I'm just talking here, don't have any clue or argument to think anything except what we already know!

London said...

There seems to be a lot of confusion about whose house Sawyer went to after his convo with Sayid. If you saw Sawyer's reaction right before heading over, he looked more than frustrated at what he was about to do, indicating to me that he was about break down and ask for Jack's advice over the Sayid situation. That's why he looked pissed, then surprised to actually find Kate answering the door instead of Jack. It's pretty obvious to me that he was upset at the prospect of eating crow after his "speech" to Jack. Why would he be upset at seeing Kate, and why would he march over to see Kate after seeing Sayid? Clearly, he was there to get Jack's help.

Second, Nikki, I wonder if you're overanalyzing the Suliet love "indoors only" interpretation. I just think that most of that kind of affection occurs behind closed doors with most people. Nothing weird about that.

Benny said...

@London: that's what I thought too. The house Jack is coming from when heading towards the fire is identical to the one Sawyer and Kate come from. Though that doesn't mean much since all houses are really similar.

Last week, who's to say that Jack wasn't coming from/going to somewhere other than his house? Also, Sawyer may have gone to the house next to Kate's, because J&K are neighbors? Who really knows, there is not proof, only speculation (so far).

Hutch said...

Just wondering?

Amy is holding baby Ethan. Since we saw a lot of dead bodies in the "purge" how did Ethan survive and become an Other? Also, some posters thought an old version of Ethan's mother was in Juliet's book reading club (the episode when they see the plane break apart.). How did she also survive the "purge"?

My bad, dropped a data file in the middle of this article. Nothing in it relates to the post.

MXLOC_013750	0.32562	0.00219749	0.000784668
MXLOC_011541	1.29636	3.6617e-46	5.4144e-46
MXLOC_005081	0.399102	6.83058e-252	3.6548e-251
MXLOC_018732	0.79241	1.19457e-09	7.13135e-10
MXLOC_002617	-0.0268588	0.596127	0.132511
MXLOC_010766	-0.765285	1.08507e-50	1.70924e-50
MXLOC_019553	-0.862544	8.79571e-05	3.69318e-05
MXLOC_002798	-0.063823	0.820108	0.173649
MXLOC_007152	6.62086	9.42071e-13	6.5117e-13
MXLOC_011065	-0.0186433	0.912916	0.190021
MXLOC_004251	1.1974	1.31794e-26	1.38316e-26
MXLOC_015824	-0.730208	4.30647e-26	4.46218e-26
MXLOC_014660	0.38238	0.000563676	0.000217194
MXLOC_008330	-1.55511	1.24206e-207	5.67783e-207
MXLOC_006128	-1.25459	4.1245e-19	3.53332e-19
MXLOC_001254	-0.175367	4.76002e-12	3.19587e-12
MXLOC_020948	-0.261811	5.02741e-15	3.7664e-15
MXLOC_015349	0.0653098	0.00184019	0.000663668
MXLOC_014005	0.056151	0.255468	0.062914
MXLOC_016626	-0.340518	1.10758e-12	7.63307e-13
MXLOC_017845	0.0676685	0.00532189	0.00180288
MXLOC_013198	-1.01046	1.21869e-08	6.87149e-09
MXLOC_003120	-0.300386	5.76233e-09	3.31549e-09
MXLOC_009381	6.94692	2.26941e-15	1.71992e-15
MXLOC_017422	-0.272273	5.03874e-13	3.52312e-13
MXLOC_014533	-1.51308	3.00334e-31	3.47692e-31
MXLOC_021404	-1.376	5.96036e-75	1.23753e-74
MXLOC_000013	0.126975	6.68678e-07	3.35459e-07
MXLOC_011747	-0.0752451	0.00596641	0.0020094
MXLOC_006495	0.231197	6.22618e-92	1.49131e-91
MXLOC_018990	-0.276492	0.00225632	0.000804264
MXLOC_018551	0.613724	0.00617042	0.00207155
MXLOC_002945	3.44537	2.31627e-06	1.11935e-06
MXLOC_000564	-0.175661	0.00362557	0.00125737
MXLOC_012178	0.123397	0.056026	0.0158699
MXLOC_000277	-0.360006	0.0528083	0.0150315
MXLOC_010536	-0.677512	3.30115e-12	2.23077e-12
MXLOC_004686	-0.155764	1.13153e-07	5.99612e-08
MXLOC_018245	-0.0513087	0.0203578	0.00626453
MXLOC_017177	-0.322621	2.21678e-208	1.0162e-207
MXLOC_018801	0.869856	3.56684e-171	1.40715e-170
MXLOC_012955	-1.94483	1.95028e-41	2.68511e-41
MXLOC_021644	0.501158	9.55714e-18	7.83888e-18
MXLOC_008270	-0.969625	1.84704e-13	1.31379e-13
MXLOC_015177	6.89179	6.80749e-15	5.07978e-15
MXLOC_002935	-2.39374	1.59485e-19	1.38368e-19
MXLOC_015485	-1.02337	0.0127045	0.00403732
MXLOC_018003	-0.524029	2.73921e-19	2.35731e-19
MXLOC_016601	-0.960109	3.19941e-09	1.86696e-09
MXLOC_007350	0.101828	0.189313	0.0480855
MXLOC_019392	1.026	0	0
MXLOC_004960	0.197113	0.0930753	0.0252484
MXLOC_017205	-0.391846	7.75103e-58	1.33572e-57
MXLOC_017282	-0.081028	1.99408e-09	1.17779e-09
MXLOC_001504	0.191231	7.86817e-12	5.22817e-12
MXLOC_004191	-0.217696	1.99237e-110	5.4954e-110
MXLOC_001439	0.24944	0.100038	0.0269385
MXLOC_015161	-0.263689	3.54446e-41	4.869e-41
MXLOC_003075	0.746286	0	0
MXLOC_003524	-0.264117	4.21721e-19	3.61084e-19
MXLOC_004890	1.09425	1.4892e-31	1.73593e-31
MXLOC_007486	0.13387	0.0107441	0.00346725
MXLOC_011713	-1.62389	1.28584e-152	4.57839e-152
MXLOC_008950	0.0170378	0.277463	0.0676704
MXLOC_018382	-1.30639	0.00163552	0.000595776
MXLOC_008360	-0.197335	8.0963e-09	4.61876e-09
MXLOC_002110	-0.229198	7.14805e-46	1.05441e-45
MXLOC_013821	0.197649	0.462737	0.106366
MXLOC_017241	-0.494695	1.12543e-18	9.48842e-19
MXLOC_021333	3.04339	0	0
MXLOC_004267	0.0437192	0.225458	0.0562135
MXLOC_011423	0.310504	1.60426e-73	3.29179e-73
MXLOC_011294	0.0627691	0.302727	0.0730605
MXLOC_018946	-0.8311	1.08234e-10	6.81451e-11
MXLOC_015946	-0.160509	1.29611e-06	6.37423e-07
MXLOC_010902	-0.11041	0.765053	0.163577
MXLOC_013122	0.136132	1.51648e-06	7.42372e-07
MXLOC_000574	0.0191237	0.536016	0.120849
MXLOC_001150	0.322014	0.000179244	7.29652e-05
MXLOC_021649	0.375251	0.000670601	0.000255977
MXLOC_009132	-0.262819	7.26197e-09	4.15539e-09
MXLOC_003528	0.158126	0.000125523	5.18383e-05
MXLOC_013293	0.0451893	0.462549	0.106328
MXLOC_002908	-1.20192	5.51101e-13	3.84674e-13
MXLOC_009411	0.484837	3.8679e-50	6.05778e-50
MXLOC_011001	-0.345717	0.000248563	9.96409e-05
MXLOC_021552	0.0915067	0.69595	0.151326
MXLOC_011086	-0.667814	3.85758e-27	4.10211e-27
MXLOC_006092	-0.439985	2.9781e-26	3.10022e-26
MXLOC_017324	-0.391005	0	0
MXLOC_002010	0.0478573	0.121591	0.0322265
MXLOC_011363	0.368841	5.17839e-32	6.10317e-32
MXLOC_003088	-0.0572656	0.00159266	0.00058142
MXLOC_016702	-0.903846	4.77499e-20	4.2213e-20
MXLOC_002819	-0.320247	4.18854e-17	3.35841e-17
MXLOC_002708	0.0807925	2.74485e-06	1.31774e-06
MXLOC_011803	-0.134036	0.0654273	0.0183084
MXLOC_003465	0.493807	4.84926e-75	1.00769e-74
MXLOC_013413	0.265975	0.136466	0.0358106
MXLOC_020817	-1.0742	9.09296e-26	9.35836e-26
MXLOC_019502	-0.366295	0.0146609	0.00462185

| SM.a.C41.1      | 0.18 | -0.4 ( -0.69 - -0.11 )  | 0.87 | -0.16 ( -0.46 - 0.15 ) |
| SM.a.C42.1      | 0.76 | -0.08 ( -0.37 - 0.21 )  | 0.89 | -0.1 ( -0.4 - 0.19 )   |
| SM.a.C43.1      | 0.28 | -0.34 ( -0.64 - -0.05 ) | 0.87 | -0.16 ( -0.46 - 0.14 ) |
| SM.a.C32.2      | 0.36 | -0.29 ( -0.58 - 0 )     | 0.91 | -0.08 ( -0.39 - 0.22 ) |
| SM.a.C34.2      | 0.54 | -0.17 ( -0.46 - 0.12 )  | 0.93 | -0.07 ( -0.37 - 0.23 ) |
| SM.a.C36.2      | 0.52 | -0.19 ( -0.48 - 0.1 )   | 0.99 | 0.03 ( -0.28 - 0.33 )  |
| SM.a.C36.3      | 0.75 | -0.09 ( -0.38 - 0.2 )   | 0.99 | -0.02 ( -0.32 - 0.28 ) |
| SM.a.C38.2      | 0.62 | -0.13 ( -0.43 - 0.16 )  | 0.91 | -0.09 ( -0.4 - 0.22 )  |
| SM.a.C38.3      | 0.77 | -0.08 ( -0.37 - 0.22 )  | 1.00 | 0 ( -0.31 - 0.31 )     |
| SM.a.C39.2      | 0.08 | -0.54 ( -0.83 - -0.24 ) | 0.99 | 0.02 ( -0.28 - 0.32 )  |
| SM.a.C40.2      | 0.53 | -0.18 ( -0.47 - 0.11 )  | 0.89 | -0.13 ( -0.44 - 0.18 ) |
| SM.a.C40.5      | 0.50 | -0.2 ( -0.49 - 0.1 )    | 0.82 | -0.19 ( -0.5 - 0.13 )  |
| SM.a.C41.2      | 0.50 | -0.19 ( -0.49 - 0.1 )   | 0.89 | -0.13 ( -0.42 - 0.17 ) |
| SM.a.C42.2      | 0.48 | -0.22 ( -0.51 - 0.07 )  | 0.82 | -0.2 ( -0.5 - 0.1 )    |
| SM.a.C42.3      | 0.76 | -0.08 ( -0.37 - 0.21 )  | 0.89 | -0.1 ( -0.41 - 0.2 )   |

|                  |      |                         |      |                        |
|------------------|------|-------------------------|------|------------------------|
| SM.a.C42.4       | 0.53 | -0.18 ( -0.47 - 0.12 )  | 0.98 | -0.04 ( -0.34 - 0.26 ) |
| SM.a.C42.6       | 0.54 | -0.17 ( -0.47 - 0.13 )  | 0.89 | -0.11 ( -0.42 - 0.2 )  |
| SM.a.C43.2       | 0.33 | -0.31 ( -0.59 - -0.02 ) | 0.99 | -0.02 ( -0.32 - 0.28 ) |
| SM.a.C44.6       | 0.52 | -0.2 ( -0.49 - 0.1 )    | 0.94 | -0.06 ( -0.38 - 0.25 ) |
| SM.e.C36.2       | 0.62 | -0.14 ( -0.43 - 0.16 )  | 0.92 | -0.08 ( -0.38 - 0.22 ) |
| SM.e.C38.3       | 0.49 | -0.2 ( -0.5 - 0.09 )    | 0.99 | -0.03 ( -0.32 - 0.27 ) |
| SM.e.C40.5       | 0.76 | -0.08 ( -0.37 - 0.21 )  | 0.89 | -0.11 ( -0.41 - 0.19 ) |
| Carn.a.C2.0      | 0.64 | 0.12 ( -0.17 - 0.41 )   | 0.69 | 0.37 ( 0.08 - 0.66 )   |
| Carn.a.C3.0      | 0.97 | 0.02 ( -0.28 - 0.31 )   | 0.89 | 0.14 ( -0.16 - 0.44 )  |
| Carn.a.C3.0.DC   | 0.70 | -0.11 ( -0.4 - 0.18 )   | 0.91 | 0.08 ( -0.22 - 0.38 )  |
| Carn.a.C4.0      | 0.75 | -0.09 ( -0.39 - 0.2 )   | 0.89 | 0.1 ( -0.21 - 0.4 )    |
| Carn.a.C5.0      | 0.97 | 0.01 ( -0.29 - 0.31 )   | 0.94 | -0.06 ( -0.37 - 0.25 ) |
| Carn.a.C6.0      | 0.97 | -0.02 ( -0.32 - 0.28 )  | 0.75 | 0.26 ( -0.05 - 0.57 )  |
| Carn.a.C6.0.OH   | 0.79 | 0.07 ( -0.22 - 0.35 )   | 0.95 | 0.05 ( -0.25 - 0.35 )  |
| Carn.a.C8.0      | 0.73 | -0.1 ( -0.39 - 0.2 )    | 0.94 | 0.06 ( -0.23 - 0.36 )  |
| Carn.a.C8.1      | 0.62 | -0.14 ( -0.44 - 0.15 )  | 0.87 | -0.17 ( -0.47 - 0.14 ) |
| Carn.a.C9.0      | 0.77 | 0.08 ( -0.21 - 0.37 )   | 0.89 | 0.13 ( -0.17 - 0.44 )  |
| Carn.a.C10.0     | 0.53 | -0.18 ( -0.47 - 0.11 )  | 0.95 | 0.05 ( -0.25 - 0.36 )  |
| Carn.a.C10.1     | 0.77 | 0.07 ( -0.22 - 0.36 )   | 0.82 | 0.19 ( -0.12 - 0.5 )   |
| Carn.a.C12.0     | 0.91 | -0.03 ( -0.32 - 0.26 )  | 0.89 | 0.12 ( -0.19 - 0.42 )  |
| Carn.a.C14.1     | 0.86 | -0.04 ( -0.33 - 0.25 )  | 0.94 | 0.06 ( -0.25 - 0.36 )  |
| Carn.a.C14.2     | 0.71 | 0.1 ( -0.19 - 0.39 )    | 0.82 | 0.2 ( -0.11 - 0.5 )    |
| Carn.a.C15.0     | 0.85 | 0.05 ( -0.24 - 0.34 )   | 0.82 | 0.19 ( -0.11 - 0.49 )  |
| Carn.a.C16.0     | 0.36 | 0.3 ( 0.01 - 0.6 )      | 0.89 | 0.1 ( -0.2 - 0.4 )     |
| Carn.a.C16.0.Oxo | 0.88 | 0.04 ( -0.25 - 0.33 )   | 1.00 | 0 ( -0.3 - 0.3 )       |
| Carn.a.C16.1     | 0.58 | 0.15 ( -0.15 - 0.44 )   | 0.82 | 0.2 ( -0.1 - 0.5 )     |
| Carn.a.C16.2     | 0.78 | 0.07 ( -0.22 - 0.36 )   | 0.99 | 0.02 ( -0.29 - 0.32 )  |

Anonymous said...

Amy is holding baby Ethan. Since we saw a lot of dead bodies in the "purge" how did Ethan survive and become an Other? Also, some posters thought an old version of Ethan's mother was in Juliet's book reading club (the episode when they see the plane break apart.). How did she also survive the "purge"?

My theory: Amy is a Hostile spy. Her ex had the ankh and Horace got really upset to find that ankh in her possession. Maybe she and her ex were sent to spy on the DI. Maybe the fight that led to her ex's death was a result of that spying.

Anyway, I think she escapes with baby Ethan because she was a Hostile from the beginning.

I think that the island will course-correct to save young Ben's life and Jack will be the means of correction.

I like the comparison between young Sayid and young Eko. I was thinking the same thing when I saw the flashback, moreso than the comparison between young Sayid/young Ben.

Sayid and Eko both made moves to help and/or shield their siblings.

My big question is: where does Sayid go after shooting young Ben? The Hostile camp? Does he know enough to convince Richard that he's not DI?

ronald said...

The comment during the meeting, " We need to call Ann Arbor" means that there will be a deadly food fight (incident?) between Dharma and the Others at the cafeteria in Michigan.


Amy is an other that has crossed over. She seemed way too nervous during the meeting.

SonshineMusic said...

lol! so they DID say they had to call Ann Arbor?! I thought that's what they said, but then I thought I was hearing things, because I work for Borders, which is based in Ann Arbor!
That's where they get all the books from! lol!

Brian Douglas said...

I'm not sure I understand how Amy can be an Other spy. It's not like Dharma just take in anyone who drops out of the sky into their camp.

Oh wait!

SonshineMusic said...

Last week someone commented that they see Christian as the "Holy Ghost" figure of this whole thing, which I thought was really interesting.

So, I started thinking about it and came up with some further parallels.
Locke is the "Jesus" figure. They made that pretty clear with the filming of "The Life and Death of Jeremy Bentham". They drew definite parallels, then he died and came back to life again and is always trying to lead people into the truth of the Island.